Securitization Pipeline Still Clogged
Buried in Thursday’s Wall Street Journal — the significant news always is — was a stunning tidbit about the state of the securitization market (insecuritization market?). According to the Journal, securitizations of home loans totaled $19 billion in March, compared with $218.6 billion in March 2007 (“The Bank Loan Haircut,” WSJ; 4/10/2008).
That’s a rather astounding drop of 87%, and has important consequences for the housing market.
For the uninitiated, securitization is the process by which millions of illiquid mortgages get bundled together and re-sold as liquid, tradeable (theoretically) commercial paper. More than low interest rates, loose lending standards, or borrower greed and fraud, it was this phenomenon that arguably fueled the housing bull market (facilitated by the ratings agencies, which put their Triple A “seal of approval” on literally trillions of thus-securitized mortgages).
Securitization turned lenders’ business model upside down. Instead of interest rate arbitrage — paying depositors low rates and charging borrowers higher rates — originating mortgage loans became a fee-and-commision business: make a loan, sell it (to a buyer who “securitizes” it and re-sells it to investors), then make another loan with the proceeds.
As the securitization boom accelerated, this process became turbo-charged: many of the biggest (and unregulated) mortgage lenders got their money directly from Wall Street, bypassing depositors altogether. However, the underlying principle was the same: borrow cheap, short-term; lend high, long-term. Huge amounts of leverage magnified this spread and the attendant investment returns (Bear Stears’ leverage was rumored to be 30:1).
“When you have to eat your own cooking, you tend to pay closer attention to the ingredients. Your appetite is also finite.”
In a nutshell, this is the engine that drove the munificent housing bull market the first half of this decade.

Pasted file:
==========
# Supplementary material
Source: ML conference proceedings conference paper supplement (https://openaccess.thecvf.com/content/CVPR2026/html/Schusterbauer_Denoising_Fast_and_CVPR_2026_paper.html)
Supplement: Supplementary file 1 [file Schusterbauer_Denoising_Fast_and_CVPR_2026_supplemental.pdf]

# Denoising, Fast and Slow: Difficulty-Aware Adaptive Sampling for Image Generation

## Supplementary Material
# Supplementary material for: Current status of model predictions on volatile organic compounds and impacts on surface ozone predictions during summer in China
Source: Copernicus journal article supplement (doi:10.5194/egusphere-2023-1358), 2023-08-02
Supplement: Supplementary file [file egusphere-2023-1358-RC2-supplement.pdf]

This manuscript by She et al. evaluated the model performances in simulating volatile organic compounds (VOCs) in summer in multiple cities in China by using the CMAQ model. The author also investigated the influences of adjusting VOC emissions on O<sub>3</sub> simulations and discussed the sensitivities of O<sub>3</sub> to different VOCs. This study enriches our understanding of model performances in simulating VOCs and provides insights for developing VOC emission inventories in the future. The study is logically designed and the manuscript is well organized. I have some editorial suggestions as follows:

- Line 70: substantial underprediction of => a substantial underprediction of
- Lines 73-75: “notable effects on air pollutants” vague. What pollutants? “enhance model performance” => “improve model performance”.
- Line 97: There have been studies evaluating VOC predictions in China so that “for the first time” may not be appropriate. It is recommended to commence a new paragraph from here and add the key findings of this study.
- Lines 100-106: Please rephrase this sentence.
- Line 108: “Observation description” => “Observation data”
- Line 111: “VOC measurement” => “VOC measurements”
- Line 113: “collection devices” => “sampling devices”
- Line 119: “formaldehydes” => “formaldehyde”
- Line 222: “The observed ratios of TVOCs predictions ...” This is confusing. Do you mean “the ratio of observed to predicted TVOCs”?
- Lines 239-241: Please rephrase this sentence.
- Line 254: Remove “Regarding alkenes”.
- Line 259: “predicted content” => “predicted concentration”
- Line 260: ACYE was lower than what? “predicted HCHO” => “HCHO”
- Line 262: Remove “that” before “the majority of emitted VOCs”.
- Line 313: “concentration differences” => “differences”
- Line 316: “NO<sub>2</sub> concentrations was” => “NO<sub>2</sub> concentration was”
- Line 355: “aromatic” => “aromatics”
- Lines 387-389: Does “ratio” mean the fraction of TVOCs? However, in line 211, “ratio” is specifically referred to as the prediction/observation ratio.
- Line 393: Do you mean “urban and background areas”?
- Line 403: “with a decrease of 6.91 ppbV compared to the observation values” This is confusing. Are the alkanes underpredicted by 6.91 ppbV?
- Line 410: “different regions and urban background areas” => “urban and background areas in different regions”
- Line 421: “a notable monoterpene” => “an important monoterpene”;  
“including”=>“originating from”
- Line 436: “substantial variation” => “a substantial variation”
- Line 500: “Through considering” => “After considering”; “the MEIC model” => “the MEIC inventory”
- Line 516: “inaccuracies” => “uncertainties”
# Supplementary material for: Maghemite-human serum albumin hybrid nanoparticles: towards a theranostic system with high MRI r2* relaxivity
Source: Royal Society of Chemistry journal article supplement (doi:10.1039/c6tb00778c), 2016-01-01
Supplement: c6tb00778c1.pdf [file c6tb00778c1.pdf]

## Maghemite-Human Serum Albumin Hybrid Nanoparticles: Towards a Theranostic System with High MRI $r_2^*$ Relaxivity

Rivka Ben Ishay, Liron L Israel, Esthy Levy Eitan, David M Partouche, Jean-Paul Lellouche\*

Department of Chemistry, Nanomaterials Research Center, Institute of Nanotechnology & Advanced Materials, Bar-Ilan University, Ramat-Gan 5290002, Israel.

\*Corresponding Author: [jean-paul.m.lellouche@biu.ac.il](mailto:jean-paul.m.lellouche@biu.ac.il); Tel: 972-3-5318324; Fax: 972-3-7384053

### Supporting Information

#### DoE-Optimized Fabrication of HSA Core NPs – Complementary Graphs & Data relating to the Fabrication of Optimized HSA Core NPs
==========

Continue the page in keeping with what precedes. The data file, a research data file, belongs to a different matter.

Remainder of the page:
As the saying goes, anything that cannot continue forever . . . won’t. The wheels on the securitization market chassis started to come off as increasingly marginal borrowers paid ever-higher prices for homes, using ever-junkier mortgage products (negative amortization loans, option-ARM’s, etc.)
By the time signs of market saturation became apparent, literally $5 trillion (or more) of mortgage securities had been created (the actual amount in existence — including derivatives tied to mortgage debt — is the subject of much speculation, and is of no little interest to the Federal Reserve, investment banks, etc.)
As indicated by the March numbers, the clogging of the mortgage securitization pipeline means that mortgages are back to being long-term assets, held on the originators’ books (rather than re-sold). In turn, that has inexorably raised lending standards — equivalent to tightening credit.
Think of it this way: when you have to eat your own cooking, you tend to pay closer attention to the ingredients. Your appetite is also finite.
While this is long overdue and ultimately healthy for the housing market, in the short run it reduces demand — no more “financing on steroids.” That’s great for (still) credit-worthy borrowers and prospective home buyers, but probably isn’t what home sellers want to hear just now.